There is a conjecture that there are an infinite number of palindromic prime numbers, but this has not been proved.

However, all the palindromic prime numbers discovered so far have an odd number of digits, except eleven.

Could there be another even-numbered palindromic prime number lurking among the (probably) infinite number of palindromic prime numbers? Or is that impossible, and if so, why?

There is a reasonably well-known proof that if the sum of the odd-numbered digits in a number subtracted from the sum of the even-numbered digits equals zero, the number must be divisible by eleven.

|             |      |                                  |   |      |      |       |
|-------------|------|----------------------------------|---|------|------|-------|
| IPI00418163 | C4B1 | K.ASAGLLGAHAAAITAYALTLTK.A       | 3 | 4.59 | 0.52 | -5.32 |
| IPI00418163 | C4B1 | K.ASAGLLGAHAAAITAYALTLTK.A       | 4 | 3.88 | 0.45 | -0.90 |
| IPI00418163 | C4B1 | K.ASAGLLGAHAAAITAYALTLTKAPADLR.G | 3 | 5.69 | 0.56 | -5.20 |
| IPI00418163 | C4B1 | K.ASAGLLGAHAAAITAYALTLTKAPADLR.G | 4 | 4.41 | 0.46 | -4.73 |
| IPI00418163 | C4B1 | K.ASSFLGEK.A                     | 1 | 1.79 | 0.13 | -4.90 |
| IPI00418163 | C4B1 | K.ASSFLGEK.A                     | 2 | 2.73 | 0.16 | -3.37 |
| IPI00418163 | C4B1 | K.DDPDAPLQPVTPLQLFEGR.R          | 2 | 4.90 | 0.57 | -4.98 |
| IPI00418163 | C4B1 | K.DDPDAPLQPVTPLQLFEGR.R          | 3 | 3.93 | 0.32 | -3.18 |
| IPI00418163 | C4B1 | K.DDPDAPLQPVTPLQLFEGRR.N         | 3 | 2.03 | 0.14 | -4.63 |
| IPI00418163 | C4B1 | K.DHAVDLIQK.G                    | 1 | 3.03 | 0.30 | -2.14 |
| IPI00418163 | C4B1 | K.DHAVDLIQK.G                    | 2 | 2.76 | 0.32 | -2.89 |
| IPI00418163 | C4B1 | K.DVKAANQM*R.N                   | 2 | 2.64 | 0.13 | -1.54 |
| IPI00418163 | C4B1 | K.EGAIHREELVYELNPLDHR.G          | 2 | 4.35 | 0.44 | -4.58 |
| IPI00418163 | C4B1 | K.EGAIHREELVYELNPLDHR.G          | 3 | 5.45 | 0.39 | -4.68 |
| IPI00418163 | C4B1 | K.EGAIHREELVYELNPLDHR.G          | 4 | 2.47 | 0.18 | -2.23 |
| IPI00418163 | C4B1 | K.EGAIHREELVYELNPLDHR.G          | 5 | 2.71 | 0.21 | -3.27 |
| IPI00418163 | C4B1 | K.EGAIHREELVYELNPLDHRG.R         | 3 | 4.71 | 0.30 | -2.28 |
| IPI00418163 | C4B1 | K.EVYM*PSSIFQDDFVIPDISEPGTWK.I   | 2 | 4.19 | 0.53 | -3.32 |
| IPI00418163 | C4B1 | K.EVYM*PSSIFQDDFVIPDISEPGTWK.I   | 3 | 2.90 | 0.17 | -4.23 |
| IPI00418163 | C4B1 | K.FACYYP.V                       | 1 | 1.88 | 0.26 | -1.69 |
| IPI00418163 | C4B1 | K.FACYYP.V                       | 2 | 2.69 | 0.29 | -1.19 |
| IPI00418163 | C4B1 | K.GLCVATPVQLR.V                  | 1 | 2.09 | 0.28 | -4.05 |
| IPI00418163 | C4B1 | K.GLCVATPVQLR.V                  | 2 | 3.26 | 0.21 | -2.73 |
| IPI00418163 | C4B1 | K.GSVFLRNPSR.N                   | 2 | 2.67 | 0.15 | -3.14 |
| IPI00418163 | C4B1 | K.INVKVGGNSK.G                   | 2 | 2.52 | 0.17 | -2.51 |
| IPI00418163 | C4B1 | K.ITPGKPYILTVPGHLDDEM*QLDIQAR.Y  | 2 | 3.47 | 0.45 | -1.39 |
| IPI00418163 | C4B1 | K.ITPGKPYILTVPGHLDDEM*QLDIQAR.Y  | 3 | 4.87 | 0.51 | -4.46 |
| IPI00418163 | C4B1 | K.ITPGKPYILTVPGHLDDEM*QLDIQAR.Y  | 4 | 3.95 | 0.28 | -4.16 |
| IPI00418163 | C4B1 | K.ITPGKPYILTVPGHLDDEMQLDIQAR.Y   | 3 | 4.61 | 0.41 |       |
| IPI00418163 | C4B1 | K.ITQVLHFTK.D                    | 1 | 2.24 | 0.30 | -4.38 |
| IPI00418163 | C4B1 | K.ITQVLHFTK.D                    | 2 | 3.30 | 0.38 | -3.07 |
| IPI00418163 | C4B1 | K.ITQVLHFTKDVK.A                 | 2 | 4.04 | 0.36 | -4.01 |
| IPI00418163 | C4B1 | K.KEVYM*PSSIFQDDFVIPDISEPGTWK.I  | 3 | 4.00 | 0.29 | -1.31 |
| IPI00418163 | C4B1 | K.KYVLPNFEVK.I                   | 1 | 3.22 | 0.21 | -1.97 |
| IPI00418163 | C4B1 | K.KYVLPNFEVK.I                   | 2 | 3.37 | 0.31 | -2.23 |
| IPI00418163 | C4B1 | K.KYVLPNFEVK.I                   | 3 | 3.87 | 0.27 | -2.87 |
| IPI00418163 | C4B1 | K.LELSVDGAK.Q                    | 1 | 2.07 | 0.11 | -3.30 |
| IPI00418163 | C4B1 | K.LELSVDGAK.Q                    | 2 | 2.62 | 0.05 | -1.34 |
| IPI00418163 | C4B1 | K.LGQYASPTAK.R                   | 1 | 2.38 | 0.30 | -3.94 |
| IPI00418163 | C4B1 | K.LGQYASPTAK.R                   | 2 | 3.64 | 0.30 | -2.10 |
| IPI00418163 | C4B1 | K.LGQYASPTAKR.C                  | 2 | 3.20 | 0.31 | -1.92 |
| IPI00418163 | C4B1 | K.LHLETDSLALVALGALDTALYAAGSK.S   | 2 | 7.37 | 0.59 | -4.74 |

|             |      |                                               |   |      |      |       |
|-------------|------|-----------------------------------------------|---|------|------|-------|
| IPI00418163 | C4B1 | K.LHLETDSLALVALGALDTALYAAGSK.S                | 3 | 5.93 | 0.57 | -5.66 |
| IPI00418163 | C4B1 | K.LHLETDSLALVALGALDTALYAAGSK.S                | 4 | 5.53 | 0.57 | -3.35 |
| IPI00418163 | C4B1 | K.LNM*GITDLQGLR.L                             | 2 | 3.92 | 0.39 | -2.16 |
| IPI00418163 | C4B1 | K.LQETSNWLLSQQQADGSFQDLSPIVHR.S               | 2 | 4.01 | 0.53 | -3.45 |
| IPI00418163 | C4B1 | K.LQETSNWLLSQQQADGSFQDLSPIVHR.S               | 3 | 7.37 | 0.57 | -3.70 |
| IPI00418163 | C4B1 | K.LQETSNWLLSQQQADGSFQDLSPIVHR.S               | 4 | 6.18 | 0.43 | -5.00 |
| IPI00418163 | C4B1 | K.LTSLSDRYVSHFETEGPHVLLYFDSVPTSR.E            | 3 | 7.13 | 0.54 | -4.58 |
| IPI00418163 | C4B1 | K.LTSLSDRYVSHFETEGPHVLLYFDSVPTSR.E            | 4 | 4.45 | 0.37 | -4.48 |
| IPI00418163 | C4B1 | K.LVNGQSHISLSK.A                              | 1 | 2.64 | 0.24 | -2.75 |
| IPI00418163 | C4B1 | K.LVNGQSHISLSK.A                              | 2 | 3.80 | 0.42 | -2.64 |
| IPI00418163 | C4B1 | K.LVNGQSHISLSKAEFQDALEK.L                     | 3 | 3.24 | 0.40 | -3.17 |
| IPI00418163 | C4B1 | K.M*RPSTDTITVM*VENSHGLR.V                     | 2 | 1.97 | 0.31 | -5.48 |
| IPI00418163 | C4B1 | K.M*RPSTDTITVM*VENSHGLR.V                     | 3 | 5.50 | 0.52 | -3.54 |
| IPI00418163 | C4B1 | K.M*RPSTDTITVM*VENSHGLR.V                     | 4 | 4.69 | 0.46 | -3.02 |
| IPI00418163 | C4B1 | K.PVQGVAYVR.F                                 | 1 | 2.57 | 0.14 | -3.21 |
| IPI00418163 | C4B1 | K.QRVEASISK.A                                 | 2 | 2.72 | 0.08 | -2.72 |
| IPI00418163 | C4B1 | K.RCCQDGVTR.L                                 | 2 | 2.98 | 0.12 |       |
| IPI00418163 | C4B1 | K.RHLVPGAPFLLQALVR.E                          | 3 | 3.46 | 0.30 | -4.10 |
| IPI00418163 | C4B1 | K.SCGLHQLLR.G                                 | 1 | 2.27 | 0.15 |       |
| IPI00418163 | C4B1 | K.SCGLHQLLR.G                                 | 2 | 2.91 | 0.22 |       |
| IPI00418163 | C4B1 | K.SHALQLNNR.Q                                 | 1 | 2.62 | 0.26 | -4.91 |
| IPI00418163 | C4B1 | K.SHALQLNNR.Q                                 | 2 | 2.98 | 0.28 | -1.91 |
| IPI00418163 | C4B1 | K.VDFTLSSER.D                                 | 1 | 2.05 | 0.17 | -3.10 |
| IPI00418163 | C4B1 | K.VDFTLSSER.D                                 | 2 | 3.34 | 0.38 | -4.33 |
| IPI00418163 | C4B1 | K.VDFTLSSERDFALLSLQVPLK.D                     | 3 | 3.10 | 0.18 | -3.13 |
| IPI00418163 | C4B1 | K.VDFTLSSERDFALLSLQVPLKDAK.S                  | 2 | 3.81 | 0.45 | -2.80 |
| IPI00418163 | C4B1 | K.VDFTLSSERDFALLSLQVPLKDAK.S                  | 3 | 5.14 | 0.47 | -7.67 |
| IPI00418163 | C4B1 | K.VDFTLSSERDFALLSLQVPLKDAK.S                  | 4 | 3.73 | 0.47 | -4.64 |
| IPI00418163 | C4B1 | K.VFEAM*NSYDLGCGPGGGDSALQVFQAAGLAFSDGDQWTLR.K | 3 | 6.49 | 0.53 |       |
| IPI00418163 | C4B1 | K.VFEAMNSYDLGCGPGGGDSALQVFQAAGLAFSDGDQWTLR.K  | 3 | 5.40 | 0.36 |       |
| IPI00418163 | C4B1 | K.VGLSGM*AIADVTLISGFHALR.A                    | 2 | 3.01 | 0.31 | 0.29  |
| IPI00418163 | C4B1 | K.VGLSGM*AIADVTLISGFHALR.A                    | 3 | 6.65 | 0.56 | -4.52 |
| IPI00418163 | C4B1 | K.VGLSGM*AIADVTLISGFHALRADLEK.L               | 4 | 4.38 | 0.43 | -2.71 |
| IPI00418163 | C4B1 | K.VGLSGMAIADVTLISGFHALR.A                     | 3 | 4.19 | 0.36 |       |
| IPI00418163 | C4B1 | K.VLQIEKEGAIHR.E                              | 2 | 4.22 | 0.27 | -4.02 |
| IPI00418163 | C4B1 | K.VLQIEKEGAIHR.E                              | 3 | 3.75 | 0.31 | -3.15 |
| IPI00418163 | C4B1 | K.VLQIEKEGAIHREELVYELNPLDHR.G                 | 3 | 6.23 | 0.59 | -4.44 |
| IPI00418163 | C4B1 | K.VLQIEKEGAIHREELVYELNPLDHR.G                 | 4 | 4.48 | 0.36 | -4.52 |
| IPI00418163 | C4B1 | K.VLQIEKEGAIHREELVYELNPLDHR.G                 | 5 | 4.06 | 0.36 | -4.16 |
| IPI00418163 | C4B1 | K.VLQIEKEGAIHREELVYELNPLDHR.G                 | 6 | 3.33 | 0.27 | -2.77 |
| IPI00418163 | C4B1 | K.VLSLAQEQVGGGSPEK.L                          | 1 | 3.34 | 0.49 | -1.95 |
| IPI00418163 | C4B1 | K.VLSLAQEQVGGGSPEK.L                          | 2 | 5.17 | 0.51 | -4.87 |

If a palindromic number has an even number of digits then the digits in odd-numbered positions must pair off with numbers in the even-numbered positions. Thus the sum of the odd-numbered digits subtracted from the sum of the even-numbered digits must equal zero. And so the number must be divisible by eleven, and not a prime number.